The quantity $ \Lambda_v $ in Table I, and also in Eqs. (9)-(10) is the nonlinear cross coupling between the isoscalar-vector and isovector-vector mesons ( $ \rho-\omega $ ). The detailed expressions for this cross-coupling can be found in Dutra et al. (2014) [42] and references therein. The more important saturation properties of nuclear matter (i.e., compressibility $ K_0 $ , symmetry energy J, and slope of the symmetry energy $ L_0 $ ), and stellar matter observables (i.e., maximum star mass M $ _{max} $ , maximum radius R $ _{M_{max}} $ , and star radius corresponding to 1.4M $ _{\odot} $ ) for QMC and QMC $ \omega \rho $ are listed in Table I. It is worth mentioning that the parameter $ \Lambda_v $ that gives the strength of the $ \omega-\rho $ interaction plays an important role on the symmetry energy value and its related quantities (see e.g., Dutra et al. (2014) [42]; Oertel et al. (2017) [43]; Providência et al. (2014) [44]; Panda et al. (2012) [45]; Cavagnoli et al. (2011) [46]). In other words, the larger the value of $ \Lambda_v $ , the lower the value of the symmetry energy and vice-verse (Panda et al. (2012) [45]; Cavagnoli et al. (2011) [46]). In the present work $ \Lambda_v $ = 0.03, as listed in Table I and we have followed the calculations mentioned in Grams et al. (2017) [47], where an $ \omega-\rho $ interaction strength that results in a symmetry energy equal to 22 MeV at 0.1 fm $ ^{-3} $ was used, with a consequent change in the $ g_\rho $ coupling constant, whose values are shown in Table I. The new values of the symmetry energy and its slope at saturation are also given in Table I. The total energy density of the nuclear matter within the relativistic mean field (RMF) approach is given by,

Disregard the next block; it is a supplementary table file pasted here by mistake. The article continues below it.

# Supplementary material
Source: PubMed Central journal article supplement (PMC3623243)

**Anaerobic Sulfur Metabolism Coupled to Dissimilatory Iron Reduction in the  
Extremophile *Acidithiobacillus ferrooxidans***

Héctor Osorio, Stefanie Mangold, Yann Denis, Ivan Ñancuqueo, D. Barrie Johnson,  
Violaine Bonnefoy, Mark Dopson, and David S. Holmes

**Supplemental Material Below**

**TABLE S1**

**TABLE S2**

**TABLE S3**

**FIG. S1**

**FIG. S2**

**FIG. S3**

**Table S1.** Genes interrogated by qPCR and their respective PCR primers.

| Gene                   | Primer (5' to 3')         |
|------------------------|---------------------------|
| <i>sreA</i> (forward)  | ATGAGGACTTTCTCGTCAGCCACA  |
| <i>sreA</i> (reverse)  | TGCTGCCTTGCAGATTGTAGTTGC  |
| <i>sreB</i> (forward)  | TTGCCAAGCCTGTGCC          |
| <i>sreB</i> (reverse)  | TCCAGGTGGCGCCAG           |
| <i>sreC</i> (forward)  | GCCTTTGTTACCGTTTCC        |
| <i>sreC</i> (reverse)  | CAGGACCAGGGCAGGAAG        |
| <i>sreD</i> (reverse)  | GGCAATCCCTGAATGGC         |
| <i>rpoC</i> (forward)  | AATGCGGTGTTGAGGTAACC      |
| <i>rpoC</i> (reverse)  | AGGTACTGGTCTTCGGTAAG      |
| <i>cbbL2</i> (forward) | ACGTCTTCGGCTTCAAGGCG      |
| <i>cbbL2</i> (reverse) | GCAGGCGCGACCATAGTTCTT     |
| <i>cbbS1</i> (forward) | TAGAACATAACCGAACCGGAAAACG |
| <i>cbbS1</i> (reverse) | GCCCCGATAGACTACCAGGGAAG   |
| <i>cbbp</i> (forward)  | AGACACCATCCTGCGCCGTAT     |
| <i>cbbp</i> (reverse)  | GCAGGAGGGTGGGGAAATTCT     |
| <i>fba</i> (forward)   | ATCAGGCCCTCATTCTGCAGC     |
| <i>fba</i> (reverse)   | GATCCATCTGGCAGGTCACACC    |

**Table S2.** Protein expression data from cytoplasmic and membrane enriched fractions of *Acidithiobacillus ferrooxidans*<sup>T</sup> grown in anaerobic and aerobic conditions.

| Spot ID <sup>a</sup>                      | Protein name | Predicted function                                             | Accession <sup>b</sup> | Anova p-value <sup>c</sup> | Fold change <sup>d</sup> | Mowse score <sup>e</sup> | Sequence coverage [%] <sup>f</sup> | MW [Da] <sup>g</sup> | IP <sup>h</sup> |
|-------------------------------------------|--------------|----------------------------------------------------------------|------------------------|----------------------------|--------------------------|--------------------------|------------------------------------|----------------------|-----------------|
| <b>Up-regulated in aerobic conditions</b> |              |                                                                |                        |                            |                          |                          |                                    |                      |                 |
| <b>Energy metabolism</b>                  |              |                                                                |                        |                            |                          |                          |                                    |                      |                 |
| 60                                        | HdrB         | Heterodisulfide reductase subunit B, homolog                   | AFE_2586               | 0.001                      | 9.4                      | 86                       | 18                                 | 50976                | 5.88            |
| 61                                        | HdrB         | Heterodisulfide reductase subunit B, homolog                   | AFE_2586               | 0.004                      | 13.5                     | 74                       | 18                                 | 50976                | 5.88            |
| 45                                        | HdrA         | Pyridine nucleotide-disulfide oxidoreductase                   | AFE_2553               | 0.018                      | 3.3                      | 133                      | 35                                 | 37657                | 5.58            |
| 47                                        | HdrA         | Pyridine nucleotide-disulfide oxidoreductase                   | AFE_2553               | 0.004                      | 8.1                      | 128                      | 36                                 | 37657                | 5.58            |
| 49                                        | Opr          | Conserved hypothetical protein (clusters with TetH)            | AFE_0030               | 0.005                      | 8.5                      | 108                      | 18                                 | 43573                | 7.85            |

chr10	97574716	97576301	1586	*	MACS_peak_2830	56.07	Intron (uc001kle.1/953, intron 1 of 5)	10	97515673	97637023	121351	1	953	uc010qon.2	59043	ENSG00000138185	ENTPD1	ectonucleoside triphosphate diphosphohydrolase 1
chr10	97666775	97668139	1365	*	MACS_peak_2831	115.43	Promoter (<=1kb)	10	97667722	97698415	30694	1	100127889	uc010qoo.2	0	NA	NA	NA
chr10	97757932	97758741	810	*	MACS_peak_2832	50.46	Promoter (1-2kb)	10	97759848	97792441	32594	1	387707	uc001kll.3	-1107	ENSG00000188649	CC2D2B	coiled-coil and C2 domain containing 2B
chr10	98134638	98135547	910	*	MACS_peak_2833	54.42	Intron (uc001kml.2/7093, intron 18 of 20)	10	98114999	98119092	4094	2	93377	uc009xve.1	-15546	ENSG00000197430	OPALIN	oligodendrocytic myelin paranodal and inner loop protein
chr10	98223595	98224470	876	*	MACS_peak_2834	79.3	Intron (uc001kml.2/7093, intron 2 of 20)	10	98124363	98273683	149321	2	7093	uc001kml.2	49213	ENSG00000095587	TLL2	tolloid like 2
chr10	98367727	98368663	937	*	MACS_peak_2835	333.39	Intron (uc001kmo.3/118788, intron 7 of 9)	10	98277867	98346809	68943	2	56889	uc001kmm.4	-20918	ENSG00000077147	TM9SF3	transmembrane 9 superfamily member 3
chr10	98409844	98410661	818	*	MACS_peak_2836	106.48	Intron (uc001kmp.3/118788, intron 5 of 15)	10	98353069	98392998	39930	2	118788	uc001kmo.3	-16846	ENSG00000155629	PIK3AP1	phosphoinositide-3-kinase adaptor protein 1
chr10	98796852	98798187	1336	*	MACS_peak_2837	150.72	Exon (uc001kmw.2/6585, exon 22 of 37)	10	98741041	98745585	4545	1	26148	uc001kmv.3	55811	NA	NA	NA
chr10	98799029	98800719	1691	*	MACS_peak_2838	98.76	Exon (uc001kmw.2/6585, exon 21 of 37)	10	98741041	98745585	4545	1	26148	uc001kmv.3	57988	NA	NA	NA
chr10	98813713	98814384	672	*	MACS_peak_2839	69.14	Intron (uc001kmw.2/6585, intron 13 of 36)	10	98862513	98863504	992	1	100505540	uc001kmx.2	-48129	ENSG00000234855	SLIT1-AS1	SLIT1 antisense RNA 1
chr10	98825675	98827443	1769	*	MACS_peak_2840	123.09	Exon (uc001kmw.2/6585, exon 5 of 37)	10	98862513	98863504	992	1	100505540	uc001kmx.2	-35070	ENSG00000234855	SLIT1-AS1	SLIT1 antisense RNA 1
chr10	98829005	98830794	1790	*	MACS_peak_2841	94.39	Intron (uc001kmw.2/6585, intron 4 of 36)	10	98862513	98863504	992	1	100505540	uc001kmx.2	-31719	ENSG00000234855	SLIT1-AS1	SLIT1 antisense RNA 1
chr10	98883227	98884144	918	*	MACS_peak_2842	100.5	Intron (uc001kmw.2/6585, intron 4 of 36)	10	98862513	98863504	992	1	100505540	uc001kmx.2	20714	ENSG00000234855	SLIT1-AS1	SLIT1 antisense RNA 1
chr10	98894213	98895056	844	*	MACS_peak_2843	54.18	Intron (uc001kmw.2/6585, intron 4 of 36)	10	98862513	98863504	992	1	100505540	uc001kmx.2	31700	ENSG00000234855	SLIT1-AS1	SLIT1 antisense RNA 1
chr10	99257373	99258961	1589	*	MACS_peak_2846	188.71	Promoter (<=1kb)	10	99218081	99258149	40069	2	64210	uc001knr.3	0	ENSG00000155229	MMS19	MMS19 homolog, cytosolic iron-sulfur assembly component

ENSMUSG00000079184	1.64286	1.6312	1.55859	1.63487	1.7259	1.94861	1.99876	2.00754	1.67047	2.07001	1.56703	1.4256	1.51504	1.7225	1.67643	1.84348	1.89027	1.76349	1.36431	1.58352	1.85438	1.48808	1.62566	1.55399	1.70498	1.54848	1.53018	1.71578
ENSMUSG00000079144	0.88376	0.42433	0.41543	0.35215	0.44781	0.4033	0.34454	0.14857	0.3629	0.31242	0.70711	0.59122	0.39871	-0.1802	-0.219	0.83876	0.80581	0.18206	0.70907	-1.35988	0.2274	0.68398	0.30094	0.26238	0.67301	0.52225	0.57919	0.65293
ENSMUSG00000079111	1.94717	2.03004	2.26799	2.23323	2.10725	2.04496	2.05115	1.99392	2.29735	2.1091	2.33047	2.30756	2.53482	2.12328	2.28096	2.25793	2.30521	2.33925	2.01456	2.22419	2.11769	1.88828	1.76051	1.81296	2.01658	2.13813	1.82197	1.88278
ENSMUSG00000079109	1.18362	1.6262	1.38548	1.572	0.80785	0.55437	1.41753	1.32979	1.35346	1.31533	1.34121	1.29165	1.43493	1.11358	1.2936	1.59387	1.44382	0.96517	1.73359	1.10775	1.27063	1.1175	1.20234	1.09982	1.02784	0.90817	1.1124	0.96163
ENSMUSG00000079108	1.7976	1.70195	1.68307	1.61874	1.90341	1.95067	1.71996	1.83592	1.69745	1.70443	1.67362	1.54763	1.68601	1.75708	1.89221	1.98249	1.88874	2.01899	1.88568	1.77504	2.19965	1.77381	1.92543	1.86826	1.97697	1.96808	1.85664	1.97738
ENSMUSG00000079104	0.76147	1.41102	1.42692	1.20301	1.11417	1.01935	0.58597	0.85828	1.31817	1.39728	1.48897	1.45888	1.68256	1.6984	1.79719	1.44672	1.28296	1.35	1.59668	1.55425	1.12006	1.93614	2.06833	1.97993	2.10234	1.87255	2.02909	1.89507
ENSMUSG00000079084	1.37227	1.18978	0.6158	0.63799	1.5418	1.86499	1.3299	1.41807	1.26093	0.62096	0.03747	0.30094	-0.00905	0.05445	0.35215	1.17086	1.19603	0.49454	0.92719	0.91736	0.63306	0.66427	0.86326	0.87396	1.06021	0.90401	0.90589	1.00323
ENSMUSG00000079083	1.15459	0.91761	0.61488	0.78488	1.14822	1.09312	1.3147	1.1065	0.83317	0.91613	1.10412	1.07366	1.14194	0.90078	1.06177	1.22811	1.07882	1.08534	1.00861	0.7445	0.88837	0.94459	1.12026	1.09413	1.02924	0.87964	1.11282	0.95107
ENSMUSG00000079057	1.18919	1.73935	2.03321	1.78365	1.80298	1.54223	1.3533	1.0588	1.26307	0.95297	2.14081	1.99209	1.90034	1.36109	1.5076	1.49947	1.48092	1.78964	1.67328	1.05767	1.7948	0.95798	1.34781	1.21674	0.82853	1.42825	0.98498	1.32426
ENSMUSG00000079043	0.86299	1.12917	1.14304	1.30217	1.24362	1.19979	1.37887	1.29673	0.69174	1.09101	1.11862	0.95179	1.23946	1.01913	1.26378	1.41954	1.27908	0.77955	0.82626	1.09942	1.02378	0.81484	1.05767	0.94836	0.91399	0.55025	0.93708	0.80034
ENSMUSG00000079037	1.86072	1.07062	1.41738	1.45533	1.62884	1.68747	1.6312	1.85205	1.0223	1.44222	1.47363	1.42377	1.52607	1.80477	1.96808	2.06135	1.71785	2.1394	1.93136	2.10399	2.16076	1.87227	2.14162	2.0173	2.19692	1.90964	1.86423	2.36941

$ \begin{aligned}[b] \varepsilon =& \frac{1}{2}m^{2}_{\sigma}\sigma^2+ \frac{1}{2}m^{2}_{\omega}\omega^{2}_{0}+ \frac{1}{2}m^{2}_{\rho}\rho^{2}_{03} +3\Lambda_v g_{\omega}^{2}g_{\rho}^{2}\omega^{2}_{0}\rho^{2}_{03} \\ & +\sum\limits_{N} \frac{1}{\pi^{2}}\int^{k_{N}}_{0}k^{2}dk[k^{2}+M^{*2}_{N}]^{1/2}. \end{aligned} $

      (9)

      The pressure is also expressed as,

      $ \begin{aligned}[b] p =& -\frac{1}{2}m^{2}_{\sigma}\sigma^2+ \frac{1}{2}m^{2}_{\omega}\omega^{2}_{0}+ \frac{1}{2}m^{2}_{\rho}\rho^{2}_{03} +\Lambda_v g_{\omega}^{2}g_{\rho}^{2}\omega^{2}_{0}\rho^{2}_{03} \\ & +\sum\limits_{N} \frac{1}{\pi^{2}}\int^{k_{N}}_{0}k^{4}dk/[k^{2}+M^{*2}_{N}]^{1/2}. \end{aligned} $

      (10)

      The vector mean field $ \omega_0 $ and $ \rho_{03} $ are determined through

      $ \omega_0 = \frac{g_\omega (n_p +n_n)}{m^{*^{2}}_{\omega}}, \; \rho_{03} = \frac{g_\rho (n_p -n_n)}{2 m^{*^{2}}_{\rho}}, $

      (11)

      where

      $ n_B = n_p+n_n = \sum\limits_N \frac{2 k_{N}^3}{3 \pi ^2} $

      (12)

      is the baryonic density ( $ n_p $ and $ n_n $ are the proton and neutron densities, respectively), and the effective masses of the meson fields are

      $ m^{{*}^{2}}_{\omega} = m^{2}_{\omega}+2\Lambda_v g_{\omega}^{2}g_{\rho}^{2}\rho^2_{03} $

      (13)

      and

      $ m^{{*}^{2}}_{\rho} = m^{2}_{\rho}+2\Lambda_v g_{\omega}^{2}g_{\rho}^{2}\omega^2_{0}. $

      (14)

      Finally, the mean field $ \sigma $ is fixed by imposing that

      $ \frac{\partial \varepsilon}{\partial \sigma} = 0. $

      (15)

      In stellar matter, the $ \beta $ -equilibrium, i.e., $ \mu_p = \mu_n-\mu_e, \quad \mu_e = \mu_\mu $ , and the charge neutrality $ n_p = n_e + n_\mu $ conditions are enforced. These conditions imply that a free gas of leptons (electrons and muons) need to be included in the energy density and pressure of the system.